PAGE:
If you can imagine the sound that the Earth might make when it’s sleeping – if you can imagine its pulsating, heaving breaths, its snores, its slow, dark dreams – if you can imagine how it would grumble and groan when it turns and stretches in the night, and then goes back to sleep again; and if you can imagine how every sleep is a billion centuries old, but still new and now – if you can imagine even a little of that, then you might have a sense of what the Melbourne –based solo ambient drone project Monolith sounds like on his 2011 EP release, Spectres.
But only a sense. Only a bit. Because there is much more to Spectres than an old, sleeping Earth.
Spectres is a bit over half an hour of dark industrial hums and whirs, where the sounds pulsate and resonate, sometimes creating the feel of a thousand harmonic overtones bouncing off infinite walls, sometimes pared down to a single thread: but always, somewhere, you can hear the music’s heartbeat, slow and strong, as old as the hills.
But, even with its roots in a subterranean past, the music of Spectres is very, very new. It gives you a different take on minimalist drone music, relying less on those ground-rumbling bass lines where the guitars are tuned down to Q flat, and instead building its droning throb out of today’s world, like a spectre, if you will, of a factory siren held in suspension. It’s a sonic world kicked into being by the nerve and mettle of modern life – and kept alive by the sounds of the blood that flows through cities.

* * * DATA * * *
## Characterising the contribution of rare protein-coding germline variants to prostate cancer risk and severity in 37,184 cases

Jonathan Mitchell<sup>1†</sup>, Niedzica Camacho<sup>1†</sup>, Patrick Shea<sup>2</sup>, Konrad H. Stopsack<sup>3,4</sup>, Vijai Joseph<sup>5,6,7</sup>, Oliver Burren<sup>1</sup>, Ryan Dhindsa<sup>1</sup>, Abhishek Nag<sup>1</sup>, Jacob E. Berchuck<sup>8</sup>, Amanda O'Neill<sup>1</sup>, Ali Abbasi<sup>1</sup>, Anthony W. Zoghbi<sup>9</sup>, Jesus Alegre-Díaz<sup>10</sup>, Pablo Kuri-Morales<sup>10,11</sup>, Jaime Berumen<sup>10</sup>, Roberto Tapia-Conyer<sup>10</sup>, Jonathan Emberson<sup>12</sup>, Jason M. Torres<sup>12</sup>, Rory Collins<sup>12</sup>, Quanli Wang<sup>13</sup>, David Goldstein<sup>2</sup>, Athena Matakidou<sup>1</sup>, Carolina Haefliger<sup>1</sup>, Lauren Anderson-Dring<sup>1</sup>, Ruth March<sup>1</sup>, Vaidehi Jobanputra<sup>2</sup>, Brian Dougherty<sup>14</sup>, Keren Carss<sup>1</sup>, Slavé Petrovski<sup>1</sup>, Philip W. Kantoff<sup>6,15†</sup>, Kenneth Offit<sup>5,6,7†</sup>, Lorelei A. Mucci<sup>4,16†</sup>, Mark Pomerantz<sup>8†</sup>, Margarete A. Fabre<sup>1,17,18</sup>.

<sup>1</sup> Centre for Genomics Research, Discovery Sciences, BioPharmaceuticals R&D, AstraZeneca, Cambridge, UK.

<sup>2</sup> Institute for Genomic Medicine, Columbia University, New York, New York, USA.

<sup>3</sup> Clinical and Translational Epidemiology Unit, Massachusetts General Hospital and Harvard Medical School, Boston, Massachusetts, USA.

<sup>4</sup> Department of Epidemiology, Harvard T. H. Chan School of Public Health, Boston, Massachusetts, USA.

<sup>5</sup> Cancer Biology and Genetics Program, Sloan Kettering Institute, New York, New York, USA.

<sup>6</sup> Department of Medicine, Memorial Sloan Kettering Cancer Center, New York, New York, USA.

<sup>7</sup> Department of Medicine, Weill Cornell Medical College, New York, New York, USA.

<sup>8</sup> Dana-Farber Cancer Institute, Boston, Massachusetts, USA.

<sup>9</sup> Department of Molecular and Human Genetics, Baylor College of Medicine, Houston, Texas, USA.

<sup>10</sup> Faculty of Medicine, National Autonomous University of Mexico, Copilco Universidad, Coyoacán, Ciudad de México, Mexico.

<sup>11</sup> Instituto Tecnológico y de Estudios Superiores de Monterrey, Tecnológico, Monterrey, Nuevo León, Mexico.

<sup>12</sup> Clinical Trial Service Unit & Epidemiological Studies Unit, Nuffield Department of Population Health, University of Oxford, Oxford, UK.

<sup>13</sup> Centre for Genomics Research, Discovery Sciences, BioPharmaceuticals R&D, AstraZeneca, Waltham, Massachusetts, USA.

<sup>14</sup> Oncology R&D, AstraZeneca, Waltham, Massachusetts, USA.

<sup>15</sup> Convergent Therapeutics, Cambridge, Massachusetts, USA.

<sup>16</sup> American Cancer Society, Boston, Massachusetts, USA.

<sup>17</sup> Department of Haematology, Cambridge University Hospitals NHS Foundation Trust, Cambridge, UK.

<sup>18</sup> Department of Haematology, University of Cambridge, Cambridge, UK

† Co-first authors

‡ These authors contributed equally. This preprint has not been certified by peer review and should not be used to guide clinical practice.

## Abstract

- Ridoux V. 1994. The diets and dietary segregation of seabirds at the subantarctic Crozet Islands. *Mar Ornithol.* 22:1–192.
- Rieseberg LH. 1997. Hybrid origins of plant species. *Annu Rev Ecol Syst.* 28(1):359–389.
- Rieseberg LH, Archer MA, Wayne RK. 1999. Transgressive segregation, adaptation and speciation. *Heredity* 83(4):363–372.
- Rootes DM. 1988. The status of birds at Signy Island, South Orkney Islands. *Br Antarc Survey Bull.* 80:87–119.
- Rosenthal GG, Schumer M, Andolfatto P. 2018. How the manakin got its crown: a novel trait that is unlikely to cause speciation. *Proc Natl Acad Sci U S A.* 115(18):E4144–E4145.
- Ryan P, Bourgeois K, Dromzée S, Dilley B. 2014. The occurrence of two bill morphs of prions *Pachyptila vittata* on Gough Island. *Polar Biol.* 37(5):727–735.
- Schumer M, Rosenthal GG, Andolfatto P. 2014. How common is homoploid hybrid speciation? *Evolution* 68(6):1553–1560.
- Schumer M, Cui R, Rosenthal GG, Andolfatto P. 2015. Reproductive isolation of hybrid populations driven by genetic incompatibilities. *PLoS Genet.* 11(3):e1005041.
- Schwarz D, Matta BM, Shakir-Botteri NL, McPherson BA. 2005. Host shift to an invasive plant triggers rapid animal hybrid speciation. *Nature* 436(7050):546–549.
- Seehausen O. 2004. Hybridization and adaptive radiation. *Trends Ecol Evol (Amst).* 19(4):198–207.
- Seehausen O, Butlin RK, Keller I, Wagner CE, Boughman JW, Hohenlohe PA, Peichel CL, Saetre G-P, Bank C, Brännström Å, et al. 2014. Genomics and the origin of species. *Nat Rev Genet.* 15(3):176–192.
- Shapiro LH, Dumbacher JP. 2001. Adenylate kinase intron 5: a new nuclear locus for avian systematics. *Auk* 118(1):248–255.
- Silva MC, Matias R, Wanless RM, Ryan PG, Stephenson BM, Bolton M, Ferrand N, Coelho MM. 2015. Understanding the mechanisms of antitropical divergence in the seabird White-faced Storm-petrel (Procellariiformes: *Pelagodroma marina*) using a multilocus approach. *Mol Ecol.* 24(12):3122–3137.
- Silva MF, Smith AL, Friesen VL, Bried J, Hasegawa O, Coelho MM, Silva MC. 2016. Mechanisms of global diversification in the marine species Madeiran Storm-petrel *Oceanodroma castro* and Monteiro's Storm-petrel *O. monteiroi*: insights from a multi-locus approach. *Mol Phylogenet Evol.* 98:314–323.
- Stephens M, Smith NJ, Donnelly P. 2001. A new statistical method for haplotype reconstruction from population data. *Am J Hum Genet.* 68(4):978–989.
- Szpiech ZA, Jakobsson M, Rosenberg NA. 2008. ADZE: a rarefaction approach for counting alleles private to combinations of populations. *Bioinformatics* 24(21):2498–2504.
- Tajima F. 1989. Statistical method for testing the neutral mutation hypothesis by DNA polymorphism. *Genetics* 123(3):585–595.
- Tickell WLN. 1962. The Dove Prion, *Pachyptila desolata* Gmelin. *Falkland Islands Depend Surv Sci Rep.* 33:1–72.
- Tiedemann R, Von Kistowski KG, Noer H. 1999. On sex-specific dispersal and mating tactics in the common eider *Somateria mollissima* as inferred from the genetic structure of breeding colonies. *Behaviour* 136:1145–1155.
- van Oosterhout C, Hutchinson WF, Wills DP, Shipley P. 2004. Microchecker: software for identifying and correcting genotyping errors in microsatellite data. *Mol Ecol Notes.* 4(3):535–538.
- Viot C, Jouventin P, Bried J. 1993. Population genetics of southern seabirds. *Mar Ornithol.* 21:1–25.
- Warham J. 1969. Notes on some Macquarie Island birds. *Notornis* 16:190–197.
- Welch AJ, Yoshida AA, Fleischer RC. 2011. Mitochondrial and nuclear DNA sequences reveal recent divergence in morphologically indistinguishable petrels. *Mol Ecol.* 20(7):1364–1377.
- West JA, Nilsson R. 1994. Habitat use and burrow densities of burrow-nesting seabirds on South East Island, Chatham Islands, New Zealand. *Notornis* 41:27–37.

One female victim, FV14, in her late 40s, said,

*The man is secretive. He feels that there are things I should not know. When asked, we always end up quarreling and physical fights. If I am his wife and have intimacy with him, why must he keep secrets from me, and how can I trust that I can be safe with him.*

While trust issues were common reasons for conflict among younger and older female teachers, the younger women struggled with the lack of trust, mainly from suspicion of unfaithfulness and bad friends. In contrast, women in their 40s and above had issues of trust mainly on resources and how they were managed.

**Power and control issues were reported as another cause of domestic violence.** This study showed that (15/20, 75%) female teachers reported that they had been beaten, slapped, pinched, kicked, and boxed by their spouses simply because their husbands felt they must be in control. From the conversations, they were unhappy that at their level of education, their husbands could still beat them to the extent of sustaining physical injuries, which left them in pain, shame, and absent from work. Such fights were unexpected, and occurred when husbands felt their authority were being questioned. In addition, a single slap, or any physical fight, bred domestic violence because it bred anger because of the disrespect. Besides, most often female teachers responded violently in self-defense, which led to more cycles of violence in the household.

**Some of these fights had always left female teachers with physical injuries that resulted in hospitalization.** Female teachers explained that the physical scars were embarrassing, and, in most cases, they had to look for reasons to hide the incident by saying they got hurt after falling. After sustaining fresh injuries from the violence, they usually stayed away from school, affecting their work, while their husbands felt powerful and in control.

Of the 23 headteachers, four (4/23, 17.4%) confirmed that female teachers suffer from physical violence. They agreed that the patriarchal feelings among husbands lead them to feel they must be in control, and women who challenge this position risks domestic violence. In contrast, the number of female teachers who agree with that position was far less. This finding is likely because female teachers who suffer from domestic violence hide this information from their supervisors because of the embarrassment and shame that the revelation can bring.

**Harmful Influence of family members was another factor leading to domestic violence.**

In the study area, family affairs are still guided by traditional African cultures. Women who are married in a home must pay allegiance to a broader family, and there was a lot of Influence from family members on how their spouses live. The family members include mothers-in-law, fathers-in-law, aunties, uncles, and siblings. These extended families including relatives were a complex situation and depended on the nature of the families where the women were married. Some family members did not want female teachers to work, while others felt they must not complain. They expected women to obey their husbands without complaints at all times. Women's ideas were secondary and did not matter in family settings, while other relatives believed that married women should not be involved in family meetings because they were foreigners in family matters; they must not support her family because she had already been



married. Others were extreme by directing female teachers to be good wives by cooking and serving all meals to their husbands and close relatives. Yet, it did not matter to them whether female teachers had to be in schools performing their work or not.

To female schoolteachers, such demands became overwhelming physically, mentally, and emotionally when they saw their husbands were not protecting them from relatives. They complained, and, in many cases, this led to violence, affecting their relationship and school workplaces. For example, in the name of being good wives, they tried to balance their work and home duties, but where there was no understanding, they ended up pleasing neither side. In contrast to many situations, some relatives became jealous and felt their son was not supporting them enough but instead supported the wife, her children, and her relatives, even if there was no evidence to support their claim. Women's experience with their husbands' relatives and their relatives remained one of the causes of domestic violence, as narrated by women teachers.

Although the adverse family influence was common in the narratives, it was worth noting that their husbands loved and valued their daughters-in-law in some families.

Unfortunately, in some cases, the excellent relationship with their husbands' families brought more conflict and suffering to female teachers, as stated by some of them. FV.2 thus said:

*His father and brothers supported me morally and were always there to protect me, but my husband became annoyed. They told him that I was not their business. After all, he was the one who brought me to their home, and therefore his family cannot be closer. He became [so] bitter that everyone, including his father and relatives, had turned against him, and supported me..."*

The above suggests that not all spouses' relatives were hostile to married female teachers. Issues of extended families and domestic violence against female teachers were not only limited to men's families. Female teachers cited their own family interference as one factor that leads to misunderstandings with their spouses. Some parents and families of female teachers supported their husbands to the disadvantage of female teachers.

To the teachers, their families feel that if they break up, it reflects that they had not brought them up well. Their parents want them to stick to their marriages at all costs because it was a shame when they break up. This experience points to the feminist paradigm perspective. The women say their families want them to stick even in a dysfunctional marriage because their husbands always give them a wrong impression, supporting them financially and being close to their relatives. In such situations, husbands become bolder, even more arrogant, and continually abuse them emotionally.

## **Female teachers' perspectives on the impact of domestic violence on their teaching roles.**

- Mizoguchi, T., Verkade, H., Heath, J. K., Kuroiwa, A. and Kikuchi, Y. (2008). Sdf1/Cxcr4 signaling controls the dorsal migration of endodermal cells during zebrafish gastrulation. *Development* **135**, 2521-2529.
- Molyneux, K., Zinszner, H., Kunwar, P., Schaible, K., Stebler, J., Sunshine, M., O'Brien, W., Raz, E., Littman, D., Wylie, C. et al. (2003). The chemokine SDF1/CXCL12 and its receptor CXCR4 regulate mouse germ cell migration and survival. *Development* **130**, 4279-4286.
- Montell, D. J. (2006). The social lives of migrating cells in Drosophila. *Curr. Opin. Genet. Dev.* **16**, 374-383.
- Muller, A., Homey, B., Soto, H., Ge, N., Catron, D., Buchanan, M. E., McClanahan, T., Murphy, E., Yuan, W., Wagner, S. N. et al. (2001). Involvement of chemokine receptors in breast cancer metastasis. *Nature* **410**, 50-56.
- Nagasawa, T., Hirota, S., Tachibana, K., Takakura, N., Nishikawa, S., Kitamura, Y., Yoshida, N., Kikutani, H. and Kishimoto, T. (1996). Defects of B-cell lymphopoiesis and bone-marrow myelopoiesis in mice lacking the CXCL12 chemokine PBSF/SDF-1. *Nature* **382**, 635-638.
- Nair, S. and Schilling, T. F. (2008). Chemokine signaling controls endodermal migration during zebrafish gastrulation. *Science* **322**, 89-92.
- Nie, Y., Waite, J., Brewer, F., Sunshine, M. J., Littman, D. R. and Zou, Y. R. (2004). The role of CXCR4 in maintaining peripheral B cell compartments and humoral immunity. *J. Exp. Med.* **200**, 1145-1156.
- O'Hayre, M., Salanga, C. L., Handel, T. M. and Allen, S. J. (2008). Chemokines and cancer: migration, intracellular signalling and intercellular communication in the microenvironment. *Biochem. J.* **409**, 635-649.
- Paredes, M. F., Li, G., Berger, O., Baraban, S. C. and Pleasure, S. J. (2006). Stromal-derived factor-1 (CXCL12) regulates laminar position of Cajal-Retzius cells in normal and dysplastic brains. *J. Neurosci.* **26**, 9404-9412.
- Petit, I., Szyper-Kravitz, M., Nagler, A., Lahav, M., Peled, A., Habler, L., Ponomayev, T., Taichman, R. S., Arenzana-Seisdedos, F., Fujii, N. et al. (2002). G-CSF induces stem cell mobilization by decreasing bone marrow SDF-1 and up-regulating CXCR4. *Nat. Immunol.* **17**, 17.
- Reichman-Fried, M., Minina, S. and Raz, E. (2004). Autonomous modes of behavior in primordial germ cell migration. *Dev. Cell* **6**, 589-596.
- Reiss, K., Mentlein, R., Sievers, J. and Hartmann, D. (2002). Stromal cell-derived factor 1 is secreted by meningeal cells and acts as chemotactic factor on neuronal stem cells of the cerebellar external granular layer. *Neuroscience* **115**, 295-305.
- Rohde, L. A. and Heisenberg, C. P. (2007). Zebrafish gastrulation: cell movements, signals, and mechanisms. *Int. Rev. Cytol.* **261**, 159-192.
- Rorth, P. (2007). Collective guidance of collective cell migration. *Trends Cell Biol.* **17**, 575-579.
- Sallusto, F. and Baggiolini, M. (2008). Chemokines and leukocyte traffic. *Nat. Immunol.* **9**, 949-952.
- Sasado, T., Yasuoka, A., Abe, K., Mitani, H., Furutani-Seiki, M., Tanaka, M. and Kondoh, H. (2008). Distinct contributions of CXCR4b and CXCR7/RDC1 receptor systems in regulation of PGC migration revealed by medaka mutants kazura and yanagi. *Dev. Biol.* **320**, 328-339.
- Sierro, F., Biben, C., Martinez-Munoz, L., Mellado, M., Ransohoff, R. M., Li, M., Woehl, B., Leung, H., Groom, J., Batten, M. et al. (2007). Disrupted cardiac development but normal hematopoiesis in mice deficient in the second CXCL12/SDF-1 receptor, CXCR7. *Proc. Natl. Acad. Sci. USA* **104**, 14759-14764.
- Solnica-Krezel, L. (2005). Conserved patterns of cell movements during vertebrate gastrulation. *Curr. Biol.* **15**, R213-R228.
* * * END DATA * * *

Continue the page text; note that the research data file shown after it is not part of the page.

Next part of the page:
And when you hear the relentless sound of that blood, pumped through the music’s veins, and are hypnotised by it, so that those hard industrial sounds take on a spirit of the eternal, the picture Monolith paints becomes an unsettling one. It is a picture of that sleeping Earth made not out of rock and water, but out of steel and cement: cold, harsh, inhospitable.
Creating these deep, enduring images through long arcs of music that are moulded out of the barest of elements can only ever be done by someone who knows how to pace and shape sounds, as minimalist as these, in a way that gets your body to beat to its beat. This is music that slows you down and draws you down; it lowers your heartbeat and your body temperature until you, too, find yourself curled, foetus-like, not in the Earth’s womb, but in its bowels.
Just a few minutes before Spectres ends, its sleeping rest is disturbed by what could be the sound of dozens of metal sheets pounding into a concrete floor. It's a haunting portent of what this music seems to have been warning you of all along - this sleep is not a peaceful one, and it lulls you only to make you captive to its nightmares.